SI Vault
Edited by William Leggett
December 11, 1978
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December 11, 1978


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Almost without attention, Lee Trevino this year passed Arnold Palmer and moved into second place on golf's all-time money-winning list. While Trevino's Professional Golf Association earnings of $1.8 million are still a long way from Jack Nicklaus' $3.3 million, and while Tom Watson, Hubert Green, Nicklaus, Andy Bean and Dr. Gil Morgan earned more money in 1978, Trevino had his best year in the last seven. Finally recovering from the severe back problems that had plagued him since 1976, he took in $228,723, a healthy sum even considering today's inflated purses.

Trevino competed in 25 tournaments and pocketed checks in 24, missing out only at the Tournament Players Championship at Sawgrass near Jacksonville, Fla. in March. "Sawgrass," he said at the time, "isn't a bad course, considering it's the best one designed by Ray Charles."

The PGA's final statistics for 1978 reveal other things of interest to the millions of mortals who swing a club as if trying to shoo a cat with a broom. These are just a few.

This year five of the 24 players who earned more than $100,000 failed to win a single tournament. Bob Gilder bagged $72,515 and never finished in the top three in his 31 starts. Keith Fergus, a second-year player out of Sugarland, Texas played the most rounds (117); Nicklaus, a 17-year player out of Fort Knox, Ky., the fewest (56). Hale Irwin won none of his 22 tournaments but got a check every time he teed it up, and earned $191,666. Irwin also ran his record to 86 tournament starts without missing a cut, dating back to 1975. Dean Refram, Max Anderson and Jack Sommers won $94, $90 and $43 respectively.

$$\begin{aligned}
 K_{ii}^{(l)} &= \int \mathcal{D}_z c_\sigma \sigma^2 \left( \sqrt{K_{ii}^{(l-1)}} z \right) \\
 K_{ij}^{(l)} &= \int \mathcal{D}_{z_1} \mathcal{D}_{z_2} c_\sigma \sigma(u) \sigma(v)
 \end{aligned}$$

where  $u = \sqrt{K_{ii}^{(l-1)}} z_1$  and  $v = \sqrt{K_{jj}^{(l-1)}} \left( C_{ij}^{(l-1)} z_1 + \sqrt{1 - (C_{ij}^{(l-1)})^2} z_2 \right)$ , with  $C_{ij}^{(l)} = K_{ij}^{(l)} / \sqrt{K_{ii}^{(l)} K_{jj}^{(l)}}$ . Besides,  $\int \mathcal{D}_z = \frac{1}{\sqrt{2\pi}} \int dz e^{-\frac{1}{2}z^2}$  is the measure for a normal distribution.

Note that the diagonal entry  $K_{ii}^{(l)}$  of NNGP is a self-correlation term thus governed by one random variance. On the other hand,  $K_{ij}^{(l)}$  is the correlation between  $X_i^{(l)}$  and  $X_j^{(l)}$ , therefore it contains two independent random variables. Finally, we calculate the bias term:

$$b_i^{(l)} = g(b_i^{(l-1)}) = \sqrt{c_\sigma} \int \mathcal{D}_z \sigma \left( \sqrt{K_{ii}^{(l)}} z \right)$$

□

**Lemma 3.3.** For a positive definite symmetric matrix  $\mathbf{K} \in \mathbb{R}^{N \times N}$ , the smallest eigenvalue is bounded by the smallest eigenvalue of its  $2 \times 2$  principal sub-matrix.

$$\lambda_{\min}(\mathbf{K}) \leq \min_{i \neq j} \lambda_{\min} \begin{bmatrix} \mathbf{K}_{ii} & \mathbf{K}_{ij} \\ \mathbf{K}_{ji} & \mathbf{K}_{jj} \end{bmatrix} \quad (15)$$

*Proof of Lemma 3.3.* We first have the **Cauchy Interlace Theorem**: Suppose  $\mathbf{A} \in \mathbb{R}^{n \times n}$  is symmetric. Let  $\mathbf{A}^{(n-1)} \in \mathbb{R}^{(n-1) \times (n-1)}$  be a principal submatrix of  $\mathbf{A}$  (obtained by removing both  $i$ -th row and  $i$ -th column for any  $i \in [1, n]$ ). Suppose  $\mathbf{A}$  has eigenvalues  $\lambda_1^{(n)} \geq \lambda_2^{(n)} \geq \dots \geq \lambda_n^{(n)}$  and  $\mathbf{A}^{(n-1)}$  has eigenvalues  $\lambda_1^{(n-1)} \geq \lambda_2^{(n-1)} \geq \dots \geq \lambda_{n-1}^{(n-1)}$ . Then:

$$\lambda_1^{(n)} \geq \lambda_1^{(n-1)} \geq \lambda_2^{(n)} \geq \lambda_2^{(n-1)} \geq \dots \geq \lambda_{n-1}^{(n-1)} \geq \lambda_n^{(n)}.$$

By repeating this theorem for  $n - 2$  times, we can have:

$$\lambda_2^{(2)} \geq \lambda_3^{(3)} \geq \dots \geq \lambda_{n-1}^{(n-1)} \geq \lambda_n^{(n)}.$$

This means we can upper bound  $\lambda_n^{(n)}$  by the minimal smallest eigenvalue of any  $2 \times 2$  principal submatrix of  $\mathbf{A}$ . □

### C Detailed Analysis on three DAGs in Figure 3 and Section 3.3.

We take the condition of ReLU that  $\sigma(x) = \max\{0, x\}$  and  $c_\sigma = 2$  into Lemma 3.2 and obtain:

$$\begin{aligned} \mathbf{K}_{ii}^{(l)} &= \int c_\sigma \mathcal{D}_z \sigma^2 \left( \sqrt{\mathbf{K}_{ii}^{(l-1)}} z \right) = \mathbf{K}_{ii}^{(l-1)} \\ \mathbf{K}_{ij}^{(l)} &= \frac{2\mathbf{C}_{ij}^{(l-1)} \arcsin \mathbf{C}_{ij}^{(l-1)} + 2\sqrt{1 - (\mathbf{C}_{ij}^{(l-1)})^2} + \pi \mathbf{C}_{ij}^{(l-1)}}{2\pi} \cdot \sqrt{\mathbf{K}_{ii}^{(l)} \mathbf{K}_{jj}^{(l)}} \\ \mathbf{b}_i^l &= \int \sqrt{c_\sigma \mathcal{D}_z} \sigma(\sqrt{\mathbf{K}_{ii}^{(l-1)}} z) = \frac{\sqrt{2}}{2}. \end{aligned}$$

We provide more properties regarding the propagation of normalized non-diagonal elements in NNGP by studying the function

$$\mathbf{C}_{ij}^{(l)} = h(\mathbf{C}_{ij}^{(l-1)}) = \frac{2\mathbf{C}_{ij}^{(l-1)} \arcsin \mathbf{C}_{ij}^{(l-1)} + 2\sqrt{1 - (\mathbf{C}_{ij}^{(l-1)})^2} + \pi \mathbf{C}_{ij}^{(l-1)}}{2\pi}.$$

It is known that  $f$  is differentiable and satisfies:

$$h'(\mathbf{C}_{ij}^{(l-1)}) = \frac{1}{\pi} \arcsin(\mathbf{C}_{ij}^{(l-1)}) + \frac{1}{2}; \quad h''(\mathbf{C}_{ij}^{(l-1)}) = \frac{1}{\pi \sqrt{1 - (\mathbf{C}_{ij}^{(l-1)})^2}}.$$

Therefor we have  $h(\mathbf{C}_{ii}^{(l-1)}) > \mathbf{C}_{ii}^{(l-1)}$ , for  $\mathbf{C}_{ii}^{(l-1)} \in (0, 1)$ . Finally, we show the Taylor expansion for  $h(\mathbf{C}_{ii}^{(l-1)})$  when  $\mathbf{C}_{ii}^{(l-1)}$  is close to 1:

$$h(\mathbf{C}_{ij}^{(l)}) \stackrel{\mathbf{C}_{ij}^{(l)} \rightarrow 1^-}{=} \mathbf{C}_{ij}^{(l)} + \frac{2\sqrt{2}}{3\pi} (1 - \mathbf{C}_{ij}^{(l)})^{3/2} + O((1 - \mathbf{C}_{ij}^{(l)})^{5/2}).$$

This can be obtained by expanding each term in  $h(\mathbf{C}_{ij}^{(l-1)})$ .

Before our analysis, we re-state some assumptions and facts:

Probably also because of inflation, holes in one in tour tournaments increased from 16 in 1977 to 30 in 1978, with five of them coming at Whitemarsh near Philadelphia. Nearly one-quarter of all tournaments played (10 of 42) resulted in playoffs but only one went beyond two extra holes.

Also unlike mere mortals, the pros managed to get rained out only twice on either a Saturday or a Sunday.


Two weeks from now, Santa Anita will open its 42nd season, offering the best winter thoroughbred racing in the world. Affirmed will run there and so will Exceller, along with a spectacular 3-year-old named Radar Ahead and a highly promising California-bred Kentucky Derby candidate called Flying Paster. But what isn't going to be at Santa Anita may turn out to be the most important news of all.

Santa Anita is dropping exacta betting, in which bettors are required to pick the finish of a race exactly 1-2. Geniuses capable of doing so are often rewarded with huge payoffs, but it is no secret that more than 90% of racing's recent scandals have evolved from races on which exotic wagers of one type or another were allowed. Santa Anita thus became the first major track to drop an exotic form of wagering. The move will be closely watched by tracks everywhere. Management really is saying that it knows what the problem is and is willing to bet that the cure is to eliminate opportunities for chicanery.


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